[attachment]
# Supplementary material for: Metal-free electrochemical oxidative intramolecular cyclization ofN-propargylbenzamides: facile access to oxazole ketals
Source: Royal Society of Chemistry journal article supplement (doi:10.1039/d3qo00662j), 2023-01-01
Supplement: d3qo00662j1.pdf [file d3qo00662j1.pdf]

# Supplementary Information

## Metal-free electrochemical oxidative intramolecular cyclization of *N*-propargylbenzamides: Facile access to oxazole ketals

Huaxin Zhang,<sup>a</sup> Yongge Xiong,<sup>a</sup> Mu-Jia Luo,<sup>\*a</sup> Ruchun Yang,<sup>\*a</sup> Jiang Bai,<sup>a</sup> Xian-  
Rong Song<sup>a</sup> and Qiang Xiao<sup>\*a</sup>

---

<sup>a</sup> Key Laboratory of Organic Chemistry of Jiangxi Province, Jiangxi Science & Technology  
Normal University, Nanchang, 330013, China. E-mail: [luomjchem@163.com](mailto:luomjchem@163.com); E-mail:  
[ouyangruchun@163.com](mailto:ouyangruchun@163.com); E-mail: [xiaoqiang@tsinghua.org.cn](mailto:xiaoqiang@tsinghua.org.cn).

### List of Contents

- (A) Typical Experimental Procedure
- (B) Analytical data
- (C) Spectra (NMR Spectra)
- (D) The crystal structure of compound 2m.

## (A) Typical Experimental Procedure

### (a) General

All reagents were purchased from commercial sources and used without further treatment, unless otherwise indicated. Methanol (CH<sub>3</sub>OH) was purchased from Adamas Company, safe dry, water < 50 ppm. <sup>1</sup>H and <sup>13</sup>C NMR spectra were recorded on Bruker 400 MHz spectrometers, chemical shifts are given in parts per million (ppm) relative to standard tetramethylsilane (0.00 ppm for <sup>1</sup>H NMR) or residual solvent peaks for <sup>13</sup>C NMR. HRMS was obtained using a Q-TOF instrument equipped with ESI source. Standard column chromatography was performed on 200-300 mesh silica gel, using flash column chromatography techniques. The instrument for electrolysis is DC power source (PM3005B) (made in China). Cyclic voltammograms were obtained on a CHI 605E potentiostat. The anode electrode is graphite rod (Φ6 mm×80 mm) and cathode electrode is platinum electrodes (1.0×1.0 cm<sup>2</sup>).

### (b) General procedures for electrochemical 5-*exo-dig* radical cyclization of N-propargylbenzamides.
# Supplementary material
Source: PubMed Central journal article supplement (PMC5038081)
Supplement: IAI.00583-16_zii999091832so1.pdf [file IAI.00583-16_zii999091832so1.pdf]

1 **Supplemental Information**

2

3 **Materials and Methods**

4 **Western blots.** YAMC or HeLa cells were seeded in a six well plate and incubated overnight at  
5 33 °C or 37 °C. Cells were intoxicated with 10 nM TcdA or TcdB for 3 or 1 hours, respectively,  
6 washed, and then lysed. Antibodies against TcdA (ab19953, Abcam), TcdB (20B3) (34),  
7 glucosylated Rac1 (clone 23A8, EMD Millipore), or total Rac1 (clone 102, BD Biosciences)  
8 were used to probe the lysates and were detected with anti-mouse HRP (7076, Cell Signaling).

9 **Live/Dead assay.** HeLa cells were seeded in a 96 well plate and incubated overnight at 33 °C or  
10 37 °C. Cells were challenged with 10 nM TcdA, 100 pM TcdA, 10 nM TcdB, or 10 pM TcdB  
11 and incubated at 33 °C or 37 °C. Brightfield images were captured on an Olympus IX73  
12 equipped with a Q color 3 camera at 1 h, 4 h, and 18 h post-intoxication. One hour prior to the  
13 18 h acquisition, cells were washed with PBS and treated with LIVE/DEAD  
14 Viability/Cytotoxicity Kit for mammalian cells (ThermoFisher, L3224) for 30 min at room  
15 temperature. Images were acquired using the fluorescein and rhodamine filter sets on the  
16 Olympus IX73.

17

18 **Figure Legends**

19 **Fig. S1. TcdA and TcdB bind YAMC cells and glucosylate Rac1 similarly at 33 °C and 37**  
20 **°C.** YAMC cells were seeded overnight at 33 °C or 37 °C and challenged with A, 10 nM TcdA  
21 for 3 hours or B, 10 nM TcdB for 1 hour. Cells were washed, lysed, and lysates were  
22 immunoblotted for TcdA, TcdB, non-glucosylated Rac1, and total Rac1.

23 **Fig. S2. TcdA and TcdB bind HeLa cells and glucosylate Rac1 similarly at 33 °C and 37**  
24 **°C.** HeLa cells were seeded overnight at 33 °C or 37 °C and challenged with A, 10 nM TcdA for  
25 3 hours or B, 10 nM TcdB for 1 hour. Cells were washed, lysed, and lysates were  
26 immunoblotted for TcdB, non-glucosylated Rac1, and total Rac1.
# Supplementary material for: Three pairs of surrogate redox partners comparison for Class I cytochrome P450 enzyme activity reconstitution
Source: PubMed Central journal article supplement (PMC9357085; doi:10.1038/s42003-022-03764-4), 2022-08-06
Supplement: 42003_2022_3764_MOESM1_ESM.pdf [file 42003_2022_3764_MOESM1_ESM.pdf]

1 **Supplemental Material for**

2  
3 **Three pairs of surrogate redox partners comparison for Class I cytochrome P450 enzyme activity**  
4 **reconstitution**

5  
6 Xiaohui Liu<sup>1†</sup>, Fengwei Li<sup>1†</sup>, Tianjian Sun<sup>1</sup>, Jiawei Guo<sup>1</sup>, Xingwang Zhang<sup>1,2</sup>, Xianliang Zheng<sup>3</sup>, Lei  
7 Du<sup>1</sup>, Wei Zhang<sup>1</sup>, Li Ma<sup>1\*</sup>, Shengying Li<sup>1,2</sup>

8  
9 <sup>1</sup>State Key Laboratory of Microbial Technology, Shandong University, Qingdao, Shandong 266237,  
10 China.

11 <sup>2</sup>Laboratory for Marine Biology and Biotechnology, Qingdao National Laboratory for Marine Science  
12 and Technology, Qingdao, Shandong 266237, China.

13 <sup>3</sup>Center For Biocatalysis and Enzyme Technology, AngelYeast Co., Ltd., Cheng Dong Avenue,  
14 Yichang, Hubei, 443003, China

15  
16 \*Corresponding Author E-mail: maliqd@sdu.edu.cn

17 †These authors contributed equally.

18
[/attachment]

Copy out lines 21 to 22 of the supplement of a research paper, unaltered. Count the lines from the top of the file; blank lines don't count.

# Supplementary material
Source: PubMed Central journal article supplement (PMC5038081)